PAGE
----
Thank you very much for your comment – well said.

    So let me clarify, I never meant to suggest that all white people with low incomes are racist, evil bastards, as a matter of fact I am white and have NO income myself, but live for the time being off the charity of others.

    And you are certainly right that people have been forced and brainwashed for generations, no doubt about it.

    My sincere apologies for throwing out what is really a generalisation that of course does not apply to all white people with low incomes – and neither does it do justice to the history of exploitation and marginalisation that such white people have had to endure.

    That said, Obama is the same as Palin when it comes down to the power of corporations banks to continue to rule over and control people. He is exactly the same, just look at his sponsors, which include pure evil JP Morgan Chase:

    In the financial sector, one and a quarter million dollars have found their way into the Obama campaign. The largest donor was Goldman Sacs at $375,978. JP Morgan Chase was second with $216,459 while Citigroup coughed up $181,787 and Morgan Stanley only produced $109,025 to finance Obama’s campaign.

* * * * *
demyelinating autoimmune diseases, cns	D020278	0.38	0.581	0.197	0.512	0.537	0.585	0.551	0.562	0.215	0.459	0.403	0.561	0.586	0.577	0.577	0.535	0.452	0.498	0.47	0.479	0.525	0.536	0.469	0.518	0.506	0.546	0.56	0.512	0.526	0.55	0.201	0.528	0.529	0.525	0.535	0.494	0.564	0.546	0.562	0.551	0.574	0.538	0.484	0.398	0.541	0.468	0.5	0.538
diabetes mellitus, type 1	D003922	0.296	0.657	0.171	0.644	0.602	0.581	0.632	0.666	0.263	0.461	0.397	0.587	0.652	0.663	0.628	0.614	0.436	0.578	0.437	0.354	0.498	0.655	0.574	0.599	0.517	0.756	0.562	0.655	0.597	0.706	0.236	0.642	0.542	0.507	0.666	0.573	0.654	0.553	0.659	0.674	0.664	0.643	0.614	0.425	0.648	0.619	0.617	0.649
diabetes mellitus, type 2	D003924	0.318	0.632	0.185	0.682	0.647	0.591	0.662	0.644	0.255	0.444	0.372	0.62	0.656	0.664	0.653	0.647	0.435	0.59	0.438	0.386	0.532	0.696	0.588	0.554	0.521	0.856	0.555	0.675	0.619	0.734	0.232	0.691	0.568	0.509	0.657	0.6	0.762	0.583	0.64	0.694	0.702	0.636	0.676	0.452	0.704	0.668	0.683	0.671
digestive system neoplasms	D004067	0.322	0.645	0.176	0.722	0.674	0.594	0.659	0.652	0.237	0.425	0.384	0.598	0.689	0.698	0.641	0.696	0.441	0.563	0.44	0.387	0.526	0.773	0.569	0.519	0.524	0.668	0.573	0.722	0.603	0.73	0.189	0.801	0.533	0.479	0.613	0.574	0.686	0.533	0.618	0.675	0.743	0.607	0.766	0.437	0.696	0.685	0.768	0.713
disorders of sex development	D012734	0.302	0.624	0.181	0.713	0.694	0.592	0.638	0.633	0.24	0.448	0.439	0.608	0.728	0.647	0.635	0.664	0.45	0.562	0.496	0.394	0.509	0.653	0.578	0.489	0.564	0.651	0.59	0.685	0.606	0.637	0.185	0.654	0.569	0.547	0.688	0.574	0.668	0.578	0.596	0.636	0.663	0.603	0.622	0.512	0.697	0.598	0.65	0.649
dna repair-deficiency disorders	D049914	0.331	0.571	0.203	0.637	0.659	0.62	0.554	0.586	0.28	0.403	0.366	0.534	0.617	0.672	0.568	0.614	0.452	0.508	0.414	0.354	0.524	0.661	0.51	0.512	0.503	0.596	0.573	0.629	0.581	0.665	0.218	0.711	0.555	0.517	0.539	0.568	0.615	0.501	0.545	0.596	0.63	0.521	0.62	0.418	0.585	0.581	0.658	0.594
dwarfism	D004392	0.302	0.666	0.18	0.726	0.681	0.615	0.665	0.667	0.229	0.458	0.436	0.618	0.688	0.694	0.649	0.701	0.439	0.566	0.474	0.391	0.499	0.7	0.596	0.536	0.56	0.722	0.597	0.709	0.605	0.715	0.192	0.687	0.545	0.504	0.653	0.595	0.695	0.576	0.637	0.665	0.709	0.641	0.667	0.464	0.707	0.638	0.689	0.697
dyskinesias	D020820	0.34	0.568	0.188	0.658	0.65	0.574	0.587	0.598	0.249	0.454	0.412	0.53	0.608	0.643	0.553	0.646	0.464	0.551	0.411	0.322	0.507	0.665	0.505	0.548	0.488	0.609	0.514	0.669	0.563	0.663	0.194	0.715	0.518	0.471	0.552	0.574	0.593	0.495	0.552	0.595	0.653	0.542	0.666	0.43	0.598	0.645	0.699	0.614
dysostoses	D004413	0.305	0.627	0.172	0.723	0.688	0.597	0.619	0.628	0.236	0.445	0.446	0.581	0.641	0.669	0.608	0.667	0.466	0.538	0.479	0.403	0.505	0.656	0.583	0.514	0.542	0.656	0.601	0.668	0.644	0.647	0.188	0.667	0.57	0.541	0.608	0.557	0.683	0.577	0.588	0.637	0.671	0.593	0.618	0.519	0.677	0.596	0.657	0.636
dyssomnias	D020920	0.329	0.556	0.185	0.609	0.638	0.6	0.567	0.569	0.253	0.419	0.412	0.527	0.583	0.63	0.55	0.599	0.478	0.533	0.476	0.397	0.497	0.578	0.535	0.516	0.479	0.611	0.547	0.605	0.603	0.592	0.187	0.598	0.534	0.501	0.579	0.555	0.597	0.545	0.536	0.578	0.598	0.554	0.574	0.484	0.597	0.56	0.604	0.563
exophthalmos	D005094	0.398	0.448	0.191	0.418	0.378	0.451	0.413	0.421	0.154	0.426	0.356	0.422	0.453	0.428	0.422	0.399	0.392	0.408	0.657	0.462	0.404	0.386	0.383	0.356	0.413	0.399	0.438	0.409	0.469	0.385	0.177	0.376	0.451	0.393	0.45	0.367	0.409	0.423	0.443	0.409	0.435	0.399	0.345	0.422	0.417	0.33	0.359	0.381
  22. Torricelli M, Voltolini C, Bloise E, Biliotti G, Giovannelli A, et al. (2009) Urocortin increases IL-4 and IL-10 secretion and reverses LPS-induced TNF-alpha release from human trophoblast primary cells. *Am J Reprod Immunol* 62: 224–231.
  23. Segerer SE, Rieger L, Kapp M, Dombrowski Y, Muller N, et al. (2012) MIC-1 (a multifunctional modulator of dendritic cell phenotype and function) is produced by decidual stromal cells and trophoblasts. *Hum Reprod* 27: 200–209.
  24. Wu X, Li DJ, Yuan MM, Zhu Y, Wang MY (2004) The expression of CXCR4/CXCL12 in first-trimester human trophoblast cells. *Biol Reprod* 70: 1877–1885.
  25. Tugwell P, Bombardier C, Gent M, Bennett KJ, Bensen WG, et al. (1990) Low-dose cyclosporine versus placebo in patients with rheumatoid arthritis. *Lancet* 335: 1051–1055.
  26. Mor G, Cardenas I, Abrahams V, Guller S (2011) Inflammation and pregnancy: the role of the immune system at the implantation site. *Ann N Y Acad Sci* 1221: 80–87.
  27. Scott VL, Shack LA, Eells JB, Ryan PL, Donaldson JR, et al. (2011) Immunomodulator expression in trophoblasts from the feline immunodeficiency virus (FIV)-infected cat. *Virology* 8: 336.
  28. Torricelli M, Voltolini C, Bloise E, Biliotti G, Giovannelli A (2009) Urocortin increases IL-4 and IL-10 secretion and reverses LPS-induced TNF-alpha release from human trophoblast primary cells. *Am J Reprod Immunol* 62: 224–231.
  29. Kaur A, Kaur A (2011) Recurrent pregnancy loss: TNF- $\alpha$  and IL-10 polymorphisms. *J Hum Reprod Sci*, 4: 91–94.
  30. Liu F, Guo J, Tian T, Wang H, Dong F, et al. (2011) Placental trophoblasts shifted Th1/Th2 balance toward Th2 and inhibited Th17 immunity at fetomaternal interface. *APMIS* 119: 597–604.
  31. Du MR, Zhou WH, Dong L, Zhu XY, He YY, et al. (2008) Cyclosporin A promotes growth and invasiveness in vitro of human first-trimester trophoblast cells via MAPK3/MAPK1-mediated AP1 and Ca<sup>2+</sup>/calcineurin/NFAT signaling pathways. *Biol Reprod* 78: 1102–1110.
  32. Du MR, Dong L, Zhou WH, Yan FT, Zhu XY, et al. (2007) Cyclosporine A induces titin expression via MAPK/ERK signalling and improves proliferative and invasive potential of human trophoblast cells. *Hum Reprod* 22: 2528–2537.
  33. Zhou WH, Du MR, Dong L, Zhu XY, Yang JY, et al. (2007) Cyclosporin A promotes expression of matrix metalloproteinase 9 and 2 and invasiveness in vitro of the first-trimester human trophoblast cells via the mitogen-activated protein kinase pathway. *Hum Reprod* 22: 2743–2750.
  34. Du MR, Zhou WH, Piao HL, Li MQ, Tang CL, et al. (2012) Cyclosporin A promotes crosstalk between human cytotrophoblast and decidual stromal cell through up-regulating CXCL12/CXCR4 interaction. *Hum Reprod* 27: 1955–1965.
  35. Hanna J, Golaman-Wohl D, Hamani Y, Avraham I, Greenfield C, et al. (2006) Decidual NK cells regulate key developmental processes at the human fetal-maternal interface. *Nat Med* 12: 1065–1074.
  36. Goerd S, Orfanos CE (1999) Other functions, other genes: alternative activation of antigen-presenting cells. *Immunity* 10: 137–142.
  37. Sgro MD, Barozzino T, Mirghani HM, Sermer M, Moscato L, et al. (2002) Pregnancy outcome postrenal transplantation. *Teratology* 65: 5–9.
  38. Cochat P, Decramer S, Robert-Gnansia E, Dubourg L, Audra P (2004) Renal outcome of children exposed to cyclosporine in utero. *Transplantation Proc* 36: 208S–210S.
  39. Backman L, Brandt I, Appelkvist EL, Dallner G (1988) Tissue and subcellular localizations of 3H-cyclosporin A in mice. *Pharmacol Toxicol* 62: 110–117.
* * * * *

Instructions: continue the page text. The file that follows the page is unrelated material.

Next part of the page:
Time Warner led the big business contributors to the Obama campaign with $131,485, followed by GE at $47,450 and Microsoft at $44,250. Last time I looked, each of those were ‘corporations’.

    AT&T, you know, the communications corporation, kicked in $43,483 and among insurance corporations, Blue Cross/Blue Shield managed to send along $40,150 to the Obama campaign.

    Other corporate contributors include Boeing, Walt Disney, Vivendi, UPS, Lockheed Martin, General Motors and American Airlines.

    I even managed to find contributions from Pfizer, Bristol-Myers Squibb, Eli Lilly & Co. and GlaxoSmithKline to the tune of $23,350.

    So what can we do?